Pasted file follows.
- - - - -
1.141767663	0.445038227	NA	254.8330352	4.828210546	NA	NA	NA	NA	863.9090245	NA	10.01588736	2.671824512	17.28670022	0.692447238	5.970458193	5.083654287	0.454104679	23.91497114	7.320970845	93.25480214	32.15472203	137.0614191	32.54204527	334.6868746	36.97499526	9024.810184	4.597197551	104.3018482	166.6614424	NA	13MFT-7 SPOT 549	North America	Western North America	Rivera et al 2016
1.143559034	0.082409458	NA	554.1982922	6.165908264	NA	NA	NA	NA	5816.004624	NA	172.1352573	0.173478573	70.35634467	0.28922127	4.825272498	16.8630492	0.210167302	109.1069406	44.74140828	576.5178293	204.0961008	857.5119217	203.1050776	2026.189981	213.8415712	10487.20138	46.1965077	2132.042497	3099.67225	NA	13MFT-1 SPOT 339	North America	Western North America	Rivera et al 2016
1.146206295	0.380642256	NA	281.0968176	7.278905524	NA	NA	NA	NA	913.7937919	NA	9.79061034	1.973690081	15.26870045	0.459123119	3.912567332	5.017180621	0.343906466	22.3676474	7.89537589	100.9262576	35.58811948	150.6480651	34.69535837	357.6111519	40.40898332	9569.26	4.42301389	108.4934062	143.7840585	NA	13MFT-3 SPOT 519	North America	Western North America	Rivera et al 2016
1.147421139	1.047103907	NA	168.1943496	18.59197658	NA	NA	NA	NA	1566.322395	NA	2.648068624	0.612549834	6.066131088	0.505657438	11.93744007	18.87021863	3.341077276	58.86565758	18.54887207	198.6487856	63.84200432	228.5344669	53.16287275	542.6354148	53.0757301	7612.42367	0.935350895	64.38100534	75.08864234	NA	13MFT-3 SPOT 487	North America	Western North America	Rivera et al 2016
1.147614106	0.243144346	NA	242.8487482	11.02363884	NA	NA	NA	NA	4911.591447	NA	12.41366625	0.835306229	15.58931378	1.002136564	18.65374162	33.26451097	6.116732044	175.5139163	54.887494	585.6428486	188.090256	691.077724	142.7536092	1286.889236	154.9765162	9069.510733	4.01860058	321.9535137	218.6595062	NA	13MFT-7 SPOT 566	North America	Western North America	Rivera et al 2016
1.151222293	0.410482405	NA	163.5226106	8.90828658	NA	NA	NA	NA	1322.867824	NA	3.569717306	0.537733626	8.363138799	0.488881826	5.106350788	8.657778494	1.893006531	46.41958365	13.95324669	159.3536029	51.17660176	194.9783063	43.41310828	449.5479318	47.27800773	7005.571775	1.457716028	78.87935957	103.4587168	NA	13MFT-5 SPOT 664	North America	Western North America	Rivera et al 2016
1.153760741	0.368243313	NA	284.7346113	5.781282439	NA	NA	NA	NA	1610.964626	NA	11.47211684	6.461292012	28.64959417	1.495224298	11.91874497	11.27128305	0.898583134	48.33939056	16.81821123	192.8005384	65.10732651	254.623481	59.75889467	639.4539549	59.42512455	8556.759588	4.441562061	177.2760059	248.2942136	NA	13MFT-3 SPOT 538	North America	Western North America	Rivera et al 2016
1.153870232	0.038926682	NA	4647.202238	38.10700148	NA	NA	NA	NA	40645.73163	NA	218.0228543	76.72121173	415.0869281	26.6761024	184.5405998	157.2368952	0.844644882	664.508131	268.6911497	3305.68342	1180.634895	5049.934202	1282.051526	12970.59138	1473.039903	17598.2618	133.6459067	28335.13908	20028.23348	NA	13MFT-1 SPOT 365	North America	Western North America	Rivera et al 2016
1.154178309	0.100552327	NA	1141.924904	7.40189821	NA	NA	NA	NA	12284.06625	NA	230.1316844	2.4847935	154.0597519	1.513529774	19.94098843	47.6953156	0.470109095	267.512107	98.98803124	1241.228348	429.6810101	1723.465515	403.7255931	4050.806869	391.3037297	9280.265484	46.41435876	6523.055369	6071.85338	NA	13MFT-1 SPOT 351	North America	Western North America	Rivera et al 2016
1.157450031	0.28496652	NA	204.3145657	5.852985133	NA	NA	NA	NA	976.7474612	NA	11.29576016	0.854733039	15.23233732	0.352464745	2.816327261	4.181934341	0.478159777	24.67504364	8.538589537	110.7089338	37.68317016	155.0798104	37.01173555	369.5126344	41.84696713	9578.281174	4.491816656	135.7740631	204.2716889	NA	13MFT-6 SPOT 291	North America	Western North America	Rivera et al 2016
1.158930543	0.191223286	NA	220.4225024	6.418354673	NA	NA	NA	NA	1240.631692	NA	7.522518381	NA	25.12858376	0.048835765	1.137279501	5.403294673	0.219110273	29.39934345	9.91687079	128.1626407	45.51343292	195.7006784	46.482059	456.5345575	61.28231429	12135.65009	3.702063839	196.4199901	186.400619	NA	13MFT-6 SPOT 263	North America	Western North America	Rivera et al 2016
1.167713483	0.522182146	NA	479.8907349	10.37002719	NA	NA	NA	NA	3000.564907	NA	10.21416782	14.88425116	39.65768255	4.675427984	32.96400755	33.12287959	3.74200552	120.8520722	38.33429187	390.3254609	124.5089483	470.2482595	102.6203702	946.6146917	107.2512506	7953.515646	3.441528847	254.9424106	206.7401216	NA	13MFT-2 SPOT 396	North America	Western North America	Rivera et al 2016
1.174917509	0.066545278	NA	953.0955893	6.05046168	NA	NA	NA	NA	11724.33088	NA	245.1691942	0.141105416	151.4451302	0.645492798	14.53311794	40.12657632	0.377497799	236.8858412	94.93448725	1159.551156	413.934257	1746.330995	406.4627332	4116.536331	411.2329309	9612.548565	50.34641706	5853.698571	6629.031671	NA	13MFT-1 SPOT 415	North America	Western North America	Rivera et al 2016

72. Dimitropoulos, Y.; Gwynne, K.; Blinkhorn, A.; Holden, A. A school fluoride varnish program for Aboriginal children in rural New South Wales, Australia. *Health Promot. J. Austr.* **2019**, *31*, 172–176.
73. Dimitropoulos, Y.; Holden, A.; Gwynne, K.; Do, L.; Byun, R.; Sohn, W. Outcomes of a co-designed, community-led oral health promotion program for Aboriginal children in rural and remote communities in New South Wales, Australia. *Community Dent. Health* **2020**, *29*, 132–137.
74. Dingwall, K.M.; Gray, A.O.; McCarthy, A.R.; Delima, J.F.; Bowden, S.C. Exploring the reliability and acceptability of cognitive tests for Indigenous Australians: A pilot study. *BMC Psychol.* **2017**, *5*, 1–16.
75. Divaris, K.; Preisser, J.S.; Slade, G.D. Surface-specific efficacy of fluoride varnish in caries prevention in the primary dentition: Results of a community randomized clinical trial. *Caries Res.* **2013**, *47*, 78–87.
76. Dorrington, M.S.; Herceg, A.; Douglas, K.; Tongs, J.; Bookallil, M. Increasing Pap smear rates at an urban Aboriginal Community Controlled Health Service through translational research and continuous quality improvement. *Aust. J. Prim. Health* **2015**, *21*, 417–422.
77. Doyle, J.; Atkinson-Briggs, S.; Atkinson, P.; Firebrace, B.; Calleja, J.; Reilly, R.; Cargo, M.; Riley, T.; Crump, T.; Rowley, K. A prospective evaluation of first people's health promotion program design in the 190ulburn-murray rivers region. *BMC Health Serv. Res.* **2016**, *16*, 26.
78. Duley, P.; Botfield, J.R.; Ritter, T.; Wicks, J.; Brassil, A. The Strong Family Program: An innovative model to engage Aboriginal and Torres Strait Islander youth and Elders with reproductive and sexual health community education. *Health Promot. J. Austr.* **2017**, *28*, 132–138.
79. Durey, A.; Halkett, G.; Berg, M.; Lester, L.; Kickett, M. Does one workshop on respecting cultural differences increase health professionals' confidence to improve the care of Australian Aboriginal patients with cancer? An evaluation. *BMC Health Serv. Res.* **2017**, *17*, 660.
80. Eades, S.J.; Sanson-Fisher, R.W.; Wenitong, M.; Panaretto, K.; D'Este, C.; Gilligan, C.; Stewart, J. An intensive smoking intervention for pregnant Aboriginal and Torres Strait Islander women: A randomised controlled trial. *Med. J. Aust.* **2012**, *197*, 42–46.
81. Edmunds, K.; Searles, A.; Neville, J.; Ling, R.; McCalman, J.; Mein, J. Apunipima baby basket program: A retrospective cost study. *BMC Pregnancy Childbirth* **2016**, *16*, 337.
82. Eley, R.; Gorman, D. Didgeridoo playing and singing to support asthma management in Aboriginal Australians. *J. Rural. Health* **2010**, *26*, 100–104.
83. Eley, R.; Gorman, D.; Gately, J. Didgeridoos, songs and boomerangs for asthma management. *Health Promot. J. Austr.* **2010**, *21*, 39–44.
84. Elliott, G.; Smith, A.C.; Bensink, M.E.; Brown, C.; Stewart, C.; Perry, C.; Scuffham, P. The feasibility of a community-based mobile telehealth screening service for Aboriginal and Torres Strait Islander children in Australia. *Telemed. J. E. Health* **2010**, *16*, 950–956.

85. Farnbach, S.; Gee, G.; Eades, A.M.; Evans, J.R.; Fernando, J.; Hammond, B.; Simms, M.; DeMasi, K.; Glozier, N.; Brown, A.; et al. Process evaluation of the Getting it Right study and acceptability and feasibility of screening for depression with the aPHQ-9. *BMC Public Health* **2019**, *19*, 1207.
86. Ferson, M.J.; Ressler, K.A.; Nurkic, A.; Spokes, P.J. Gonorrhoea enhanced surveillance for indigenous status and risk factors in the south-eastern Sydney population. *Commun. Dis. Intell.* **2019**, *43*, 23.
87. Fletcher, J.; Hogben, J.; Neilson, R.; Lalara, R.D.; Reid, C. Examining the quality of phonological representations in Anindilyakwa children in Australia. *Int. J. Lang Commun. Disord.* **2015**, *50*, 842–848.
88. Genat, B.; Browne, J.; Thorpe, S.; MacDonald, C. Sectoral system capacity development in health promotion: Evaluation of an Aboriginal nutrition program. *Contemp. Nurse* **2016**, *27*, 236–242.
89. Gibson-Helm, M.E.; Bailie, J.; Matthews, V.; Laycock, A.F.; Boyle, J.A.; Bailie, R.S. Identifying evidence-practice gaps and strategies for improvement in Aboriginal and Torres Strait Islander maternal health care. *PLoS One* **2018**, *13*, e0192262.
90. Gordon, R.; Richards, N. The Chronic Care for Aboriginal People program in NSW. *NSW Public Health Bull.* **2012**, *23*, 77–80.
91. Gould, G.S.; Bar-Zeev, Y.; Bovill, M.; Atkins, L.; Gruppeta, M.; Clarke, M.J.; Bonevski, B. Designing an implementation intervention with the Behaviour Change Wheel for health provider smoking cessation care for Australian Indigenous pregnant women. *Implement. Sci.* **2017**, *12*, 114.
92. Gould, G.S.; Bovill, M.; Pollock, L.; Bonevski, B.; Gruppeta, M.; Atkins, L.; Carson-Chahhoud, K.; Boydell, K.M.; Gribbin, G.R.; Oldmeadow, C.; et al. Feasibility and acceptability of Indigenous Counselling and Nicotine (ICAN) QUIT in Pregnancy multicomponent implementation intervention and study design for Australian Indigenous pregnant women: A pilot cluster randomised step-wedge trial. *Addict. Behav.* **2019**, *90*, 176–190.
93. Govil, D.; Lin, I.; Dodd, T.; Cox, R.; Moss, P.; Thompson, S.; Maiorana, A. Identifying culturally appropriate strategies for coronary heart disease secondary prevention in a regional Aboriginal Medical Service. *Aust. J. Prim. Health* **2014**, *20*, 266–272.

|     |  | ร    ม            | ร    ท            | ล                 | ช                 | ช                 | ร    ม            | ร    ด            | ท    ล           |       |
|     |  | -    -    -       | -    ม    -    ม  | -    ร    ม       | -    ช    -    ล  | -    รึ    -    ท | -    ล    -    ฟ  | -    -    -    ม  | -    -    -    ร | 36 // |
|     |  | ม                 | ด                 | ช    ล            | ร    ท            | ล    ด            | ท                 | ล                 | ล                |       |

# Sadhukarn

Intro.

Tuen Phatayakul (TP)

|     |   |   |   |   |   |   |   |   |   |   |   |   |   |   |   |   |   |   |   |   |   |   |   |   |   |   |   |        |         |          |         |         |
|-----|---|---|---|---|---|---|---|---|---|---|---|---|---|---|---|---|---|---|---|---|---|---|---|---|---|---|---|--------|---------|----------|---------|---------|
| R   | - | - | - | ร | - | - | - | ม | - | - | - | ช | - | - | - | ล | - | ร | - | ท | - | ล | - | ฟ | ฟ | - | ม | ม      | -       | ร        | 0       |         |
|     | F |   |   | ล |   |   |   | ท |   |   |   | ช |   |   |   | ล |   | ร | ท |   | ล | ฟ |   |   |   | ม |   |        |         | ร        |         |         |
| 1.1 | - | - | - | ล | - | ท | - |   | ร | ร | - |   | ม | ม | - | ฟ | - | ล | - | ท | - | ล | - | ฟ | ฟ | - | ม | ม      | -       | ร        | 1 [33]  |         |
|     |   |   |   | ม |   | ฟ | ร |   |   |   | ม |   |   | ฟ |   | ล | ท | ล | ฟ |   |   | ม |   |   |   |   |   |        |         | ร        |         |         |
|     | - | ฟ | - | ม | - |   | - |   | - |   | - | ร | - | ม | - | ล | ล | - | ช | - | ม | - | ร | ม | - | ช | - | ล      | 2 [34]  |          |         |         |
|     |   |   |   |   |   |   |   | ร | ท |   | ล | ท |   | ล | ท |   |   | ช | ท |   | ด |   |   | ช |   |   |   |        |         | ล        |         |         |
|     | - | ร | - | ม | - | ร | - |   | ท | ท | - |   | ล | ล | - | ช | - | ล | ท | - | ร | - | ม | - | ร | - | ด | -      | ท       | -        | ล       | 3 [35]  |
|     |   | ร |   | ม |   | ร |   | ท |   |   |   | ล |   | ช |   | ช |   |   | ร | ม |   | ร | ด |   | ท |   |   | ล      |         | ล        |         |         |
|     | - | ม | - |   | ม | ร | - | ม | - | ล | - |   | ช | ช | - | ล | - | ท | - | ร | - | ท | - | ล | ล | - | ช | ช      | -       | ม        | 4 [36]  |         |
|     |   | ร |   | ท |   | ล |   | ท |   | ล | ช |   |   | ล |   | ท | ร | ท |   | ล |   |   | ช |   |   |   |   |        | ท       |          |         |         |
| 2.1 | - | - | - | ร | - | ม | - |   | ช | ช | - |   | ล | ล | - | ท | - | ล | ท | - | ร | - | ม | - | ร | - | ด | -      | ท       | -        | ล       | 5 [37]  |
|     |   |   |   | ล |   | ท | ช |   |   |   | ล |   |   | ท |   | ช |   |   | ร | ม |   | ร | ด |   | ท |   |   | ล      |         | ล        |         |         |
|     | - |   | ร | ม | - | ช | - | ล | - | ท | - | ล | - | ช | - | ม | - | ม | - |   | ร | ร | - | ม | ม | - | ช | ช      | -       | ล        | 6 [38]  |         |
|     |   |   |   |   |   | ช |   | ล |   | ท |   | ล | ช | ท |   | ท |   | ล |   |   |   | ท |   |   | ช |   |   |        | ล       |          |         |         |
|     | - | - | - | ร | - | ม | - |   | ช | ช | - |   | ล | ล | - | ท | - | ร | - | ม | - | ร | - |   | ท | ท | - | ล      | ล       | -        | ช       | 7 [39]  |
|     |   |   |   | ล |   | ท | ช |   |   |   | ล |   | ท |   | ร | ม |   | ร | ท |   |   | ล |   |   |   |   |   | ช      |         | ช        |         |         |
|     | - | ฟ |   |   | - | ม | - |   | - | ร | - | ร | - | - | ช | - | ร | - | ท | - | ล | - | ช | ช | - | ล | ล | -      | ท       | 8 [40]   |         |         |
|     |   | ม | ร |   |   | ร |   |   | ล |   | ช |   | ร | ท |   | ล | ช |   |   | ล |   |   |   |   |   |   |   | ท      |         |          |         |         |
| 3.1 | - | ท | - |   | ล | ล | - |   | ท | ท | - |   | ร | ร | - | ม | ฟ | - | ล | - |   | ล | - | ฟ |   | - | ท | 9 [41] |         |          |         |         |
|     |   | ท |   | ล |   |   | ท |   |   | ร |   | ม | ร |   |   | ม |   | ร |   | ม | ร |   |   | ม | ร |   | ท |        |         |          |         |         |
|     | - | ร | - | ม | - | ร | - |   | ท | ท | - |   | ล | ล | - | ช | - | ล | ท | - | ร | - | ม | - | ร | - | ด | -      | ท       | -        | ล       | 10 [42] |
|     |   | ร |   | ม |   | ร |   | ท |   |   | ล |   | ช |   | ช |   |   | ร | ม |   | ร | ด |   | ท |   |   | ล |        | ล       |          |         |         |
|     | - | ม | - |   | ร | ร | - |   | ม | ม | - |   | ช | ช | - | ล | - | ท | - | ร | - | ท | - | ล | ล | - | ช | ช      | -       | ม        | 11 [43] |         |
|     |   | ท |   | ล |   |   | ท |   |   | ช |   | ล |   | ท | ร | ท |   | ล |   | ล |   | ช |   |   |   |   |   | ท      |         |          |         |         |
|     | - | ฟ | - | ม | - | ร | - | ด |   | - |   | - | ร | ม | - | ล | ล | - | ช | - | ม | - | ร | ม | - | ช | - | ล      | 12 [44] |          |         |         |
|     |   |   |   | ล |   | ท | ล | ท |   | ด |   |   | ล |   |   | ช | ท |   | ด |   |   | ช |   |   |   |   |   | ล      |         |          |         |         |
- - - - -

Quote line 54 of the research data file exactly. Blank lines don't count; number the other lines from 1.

| 2.1 | - | - | - | ร | - | ม | - |   | ช | ช | - |   | ล | ล | - | ท | - | ล | ท | - | ร | - | ม | - | ร | - | ด | -      | ท       | -        | ล       | 5 [37]  |